Weller: Aside from continually informing me exactly how broke I am, economics has been very useful as a tool to look at understanding how humans interact with ecosystems. That’s really where the meat of this work lies. We’re trying to change human behavior. And that’s what we need to do if we’re going to protect the resources that we have left.
I was impassioned by economics to a large extent because of one particular precept of economics: You can prove that conservation is efficient. That kind of flies in the face of the way that we think about economics and environment, where it’s very often presented as a trade-off — either you protect your environment or you maintain your economy. And in the long run that’s not at all true. That’s something that I really connect with in economics, and it was in part responsible for the path that I’ve taken.
SEJournal: What was your initial impetus to embark on the Ross Sea project?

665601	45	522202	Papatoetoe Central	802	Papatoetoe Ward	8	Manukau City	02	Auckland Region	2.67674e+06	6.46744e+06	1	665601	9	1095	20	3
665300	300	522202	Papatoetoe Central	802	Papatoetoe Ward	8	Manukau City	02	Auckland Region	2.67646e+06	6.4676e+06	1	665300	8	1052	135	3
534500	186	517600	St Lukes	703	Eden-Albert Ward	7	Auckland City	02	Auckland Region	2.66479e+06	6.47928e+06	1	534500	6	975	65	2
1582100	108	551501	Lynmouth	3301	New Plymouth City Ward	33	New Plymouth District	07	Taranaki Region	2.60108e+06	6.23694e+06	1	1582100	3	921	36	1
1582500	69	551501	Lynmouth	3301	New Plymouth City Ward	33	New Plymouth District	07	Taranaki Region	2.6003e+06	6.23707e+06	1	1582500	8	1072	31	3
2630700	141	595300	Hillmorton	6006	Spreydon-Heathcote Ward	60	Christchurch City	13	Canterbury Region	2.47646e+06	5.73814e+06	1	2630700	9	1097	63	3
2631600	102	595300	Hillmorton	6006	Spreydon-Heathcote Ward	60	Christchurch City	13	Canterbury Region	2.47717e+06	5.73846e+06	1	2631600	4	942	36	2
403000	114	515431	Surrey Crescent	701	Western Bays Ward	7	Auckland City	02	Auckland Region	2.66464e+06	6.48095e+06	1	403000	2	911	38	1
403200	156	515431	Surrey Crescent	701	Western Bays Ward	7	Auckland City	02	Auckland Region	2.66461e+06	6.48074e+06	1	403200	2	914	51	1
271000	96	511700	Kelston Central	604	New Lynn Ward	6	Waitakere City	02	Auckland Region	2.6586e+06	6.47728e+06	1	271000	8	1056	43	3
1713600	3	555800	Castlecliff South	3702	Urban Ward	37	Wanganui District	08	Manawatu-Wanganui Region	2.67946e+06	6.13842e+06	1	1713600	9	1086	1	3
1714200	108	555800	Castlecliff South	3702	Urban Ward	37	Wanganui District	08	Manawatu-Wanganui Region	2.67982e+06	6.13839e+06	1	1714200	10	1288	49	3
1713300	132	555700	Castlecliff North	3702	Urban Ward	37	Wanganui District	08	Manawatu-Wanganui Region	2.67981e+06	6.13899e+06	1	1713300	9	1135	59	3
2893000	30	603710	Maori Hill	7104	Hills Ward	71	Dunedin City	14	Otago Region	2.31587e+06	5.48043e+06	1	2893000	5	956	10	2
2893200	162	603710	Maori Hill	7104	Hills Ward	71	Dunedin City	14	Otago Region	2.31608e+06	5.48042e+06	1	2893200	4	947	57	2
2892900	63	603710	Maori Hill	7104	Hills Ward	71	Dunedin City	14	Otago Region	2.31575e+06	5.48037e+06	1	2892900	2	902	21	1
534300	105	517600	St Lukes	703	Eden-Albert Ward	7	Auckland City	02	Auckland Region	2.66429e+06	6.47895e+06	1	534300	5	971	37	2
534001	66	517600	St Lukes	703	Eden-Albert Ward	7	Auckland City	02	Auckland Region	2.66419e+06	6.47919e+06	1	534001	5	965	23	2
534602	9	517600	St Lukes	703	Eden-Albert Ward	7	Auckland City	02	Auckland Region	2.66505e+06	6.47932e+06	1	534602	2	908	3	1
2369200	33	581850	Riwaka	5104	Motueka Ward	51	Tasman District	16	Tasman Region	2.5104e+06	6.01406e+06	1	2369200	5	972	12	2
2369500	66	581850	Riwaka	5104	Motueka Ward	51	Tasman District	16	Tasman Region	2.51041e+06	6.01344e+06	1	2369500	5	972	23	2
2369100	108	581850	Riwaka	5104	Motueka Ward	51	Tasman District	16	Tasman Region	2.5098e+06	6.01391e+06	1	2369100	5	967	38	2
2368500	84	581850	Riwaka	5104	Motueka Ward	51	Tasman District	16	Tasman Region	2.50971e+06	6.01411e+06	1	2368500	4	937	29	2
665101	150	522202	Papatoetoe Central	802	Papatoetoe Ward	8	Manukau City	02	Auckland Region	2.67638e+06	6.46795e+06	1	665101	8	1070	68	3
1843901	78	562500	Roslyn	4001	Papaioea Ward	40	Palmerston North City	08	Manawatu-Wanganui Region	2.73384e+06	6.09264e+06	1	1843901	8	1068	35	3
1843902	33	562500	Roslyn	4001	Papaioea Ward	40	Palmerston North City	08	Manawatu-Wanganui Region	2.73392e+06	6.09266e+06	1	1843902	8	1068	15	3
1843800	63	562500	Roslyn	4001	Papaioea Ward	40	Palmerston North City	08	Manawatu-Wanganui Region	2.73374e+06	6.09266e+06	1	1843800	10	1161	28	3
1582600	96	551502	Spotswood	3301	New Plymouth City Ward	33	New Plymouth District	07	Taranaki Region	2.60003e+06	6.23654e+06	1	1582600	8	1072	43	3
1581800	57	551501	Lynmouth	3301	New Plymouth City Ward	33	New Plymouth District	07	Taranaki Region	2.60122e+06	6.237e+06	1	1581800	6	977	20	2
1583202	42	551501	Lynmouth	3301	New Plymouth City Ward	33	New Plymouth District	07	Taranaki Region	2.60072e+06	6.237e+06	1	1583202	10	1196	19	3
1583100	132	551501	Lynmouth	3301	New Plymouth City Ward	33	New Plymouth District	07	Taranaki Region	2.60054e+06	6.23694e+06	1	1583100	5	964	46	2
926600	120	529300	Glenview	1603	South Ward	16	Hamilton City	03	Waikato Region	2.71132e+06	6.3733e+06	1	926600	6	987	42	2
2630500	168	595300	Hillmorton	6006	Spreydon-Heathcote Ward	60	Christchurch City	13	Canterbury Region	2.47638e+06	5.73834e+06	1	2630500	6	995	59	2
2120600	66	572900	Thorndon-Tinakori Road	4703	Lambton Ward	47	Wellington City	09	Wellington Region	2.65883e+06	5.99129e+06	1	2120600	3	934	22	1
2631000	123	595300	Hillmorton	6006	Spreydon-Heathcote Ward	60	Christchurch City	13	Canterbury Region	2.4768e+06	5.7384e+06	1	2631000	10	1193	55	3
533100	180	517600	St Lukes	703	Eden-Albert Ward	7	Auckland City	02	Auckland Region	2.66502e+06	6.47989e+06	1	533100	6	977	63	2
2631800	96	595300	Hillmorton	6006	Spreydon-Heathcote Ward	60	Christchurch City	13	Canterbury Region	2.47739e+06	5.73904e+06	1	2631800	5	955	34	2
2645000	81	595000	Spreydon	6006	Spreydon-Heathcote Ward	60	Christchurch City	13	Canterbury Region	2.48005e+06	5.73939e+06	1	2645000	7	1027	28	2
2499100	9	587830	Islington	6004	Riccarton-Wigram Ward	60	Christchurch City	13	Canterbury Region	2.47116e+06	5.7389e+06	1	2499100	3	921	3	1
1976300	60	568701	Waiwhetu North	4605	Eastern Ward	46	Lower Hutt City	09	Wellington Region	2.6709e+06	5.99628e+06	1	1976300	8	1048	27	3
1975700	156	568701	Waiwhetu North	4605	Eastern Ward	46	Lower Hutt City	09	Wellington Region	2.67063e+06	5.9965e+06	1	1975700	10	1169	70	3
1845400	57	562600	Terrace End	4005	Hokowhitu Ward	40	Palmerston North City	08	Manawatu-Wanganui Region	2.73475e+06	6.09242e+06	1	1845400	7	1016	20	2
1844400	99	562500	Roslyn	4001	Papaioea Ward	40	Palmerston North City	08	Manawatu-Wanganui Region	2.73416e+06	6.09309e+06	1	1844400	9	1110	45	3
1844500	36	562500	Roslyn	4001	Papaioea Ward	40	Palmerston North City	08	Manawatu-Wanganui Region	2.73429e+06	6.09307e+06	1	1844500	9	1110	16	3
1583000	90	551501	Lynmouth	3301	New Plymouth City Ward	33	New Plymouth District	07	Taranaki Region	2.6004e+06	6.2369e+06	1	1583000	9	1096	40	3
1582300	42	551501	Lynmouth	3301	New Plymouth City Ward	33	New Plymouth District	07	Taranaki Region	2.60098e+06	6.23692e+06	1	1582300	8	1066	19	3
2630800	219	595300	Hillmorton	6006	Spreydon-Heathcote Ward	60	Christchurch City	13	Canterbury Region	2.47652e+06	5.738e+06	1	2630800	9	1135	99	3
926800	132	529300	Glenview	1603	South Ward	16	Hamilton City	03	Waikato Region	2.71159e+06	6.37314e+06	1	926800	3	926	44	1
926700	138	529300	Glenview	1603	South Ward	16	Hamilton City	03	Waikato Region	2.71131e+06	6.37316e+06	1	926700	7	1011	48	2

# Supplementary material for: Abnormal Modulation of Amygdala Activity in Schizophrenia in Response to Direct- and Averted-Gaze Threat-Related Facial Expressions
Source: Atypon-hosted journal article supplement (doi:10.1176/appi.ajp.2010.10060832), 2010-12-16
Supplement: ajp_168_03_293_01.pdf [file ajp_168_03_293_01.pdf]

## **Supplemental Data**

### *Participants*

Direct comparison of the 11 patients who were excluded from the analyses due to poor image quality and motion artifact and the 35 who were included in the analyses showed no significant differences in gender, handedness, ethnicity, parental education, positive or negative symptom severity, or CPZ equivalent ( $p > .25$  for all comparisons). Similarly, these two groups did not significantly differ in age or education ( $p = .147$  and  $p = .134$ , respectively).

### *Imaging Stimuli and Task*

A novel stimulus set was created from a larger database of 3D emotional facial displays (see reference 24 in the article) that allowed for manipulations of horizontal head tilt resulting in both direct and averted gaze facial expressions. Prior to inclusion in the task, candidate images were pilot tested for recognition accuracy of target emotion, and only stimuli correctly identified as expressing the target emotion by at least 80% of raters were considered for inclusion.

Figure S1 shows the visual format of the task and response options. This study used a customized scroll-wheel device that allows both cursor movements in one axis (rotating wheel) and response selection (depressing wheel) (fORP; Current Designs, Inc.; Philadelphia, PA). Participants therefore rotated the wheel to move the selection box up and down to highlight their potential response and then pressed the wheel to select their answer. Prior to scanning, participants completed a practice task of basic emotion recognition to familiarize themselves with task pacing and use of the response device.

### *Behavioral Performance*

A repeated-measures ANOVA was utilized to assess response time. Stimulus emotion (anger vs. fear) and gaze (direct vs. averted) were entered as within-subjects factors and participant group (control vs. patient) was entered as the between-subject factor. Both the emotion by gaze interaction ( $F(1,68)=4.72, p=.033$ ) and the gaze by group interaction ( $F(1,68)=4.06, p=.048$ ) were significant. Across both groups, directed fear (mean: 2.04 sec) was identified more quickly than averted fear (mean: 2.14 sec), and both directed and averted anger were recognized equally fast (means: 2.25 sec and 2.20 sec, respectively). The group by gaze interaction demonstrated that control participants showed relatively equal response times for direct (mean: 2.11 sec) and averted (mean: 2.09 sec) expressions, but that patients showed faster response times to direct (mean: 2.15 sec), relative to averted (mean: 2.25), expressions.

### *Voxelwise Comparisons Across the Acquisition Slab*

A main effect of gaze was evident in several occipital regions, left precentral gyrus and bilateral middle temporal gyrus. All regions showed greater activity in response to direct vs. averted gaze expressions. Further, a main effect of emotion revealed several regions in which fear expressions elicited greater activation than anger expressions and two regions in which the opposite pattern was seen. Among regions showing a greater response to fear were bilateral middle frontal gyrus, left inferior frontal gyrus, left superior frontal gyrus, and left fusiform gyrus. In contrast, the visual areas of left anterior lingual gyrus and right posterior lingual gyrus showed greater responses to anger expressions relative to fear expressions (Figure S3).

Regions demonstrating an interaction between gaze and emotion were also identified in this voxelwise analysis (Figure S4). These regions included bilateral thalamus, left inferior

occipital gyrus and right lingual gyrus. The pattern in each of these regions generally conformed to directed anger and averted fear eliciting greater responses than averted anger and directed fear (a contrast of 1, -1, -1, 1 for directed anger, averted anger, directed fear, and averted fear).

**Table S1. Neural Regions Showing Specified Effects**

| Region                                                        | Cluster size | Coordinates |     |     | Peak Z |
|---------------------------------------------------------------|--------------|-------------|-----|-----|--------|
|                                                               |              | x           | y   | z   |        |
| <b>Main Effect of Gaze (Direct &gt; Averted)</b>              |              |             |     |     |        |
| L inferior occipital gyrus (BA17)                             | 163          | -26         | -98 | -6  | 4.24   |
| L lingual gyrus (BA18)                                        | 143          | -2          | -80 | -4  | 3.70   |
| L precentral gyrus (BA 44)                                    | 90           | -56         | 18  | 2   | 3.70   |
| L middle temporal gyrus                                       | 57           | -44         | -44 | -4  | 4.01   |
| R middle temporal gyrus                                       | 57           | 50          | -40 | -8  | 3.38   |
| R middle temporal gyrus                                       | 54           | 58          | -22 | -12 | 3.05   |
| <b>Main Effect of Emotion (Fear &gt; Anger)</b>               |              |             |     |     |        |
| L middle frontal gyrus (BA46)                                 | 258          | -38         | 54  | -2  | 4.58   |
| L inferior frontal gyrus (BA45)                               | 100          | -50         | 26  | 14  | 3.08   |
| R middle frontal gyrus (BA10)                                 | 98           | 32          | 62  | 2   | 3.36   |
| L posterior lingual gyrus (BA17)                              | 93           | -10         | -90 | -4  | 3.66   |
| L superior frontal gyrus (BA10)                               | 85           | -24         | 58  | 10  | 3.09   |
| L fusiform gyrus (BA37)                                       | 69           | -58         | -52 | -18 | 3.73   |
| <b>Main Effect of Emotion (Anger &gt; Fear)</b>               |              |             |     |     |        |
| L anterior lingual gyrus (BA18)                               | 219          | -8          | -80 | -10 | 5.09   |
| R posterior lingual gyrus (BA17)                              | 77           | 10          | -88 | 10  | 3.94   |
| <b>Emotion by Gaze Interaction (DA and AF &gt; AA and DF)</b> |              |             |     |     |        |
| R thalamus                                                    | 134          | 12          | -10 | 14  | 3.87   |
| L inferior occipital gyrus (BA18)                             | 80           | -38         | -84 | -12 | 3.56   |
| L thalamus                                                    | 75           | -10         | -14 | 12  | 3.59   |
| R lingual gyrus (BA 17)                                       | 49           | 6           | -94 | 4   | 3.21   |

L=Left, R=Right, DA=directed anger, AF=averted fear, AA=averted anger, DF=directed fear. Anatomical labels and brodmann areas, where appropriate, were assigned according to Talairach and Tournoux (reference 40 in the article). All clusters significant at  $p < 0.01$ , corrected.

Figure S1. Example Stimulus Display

Weller: I wanted to tell the Sand Dunes story again, and I was looking around for a place to tell that story. A friend of mine from high school who had been working in Antarctica came through town in 2004, and when I met her, she literally thrust this paper into my hands. And she said, “You have to read this right now. This is a story everybody needs to know. This is the last pristine ecosystem.” It was a very obscure scientific paper about the Ross Sea by (ecologist) David Ainley. Basically, he lays out the Ross Sea story. It’s this last intact place; it’s being threatened by a fishery that’s expanding.
A misty cloud drifts across the ice when a Minke whale breaks the surface, exhaling a salty spray and then filling its huge lungs with another breath. These whales follow the seams and breaks in the pack ice, finding pockets of water to feed on phytoplankton and tiny shrimp-like krill.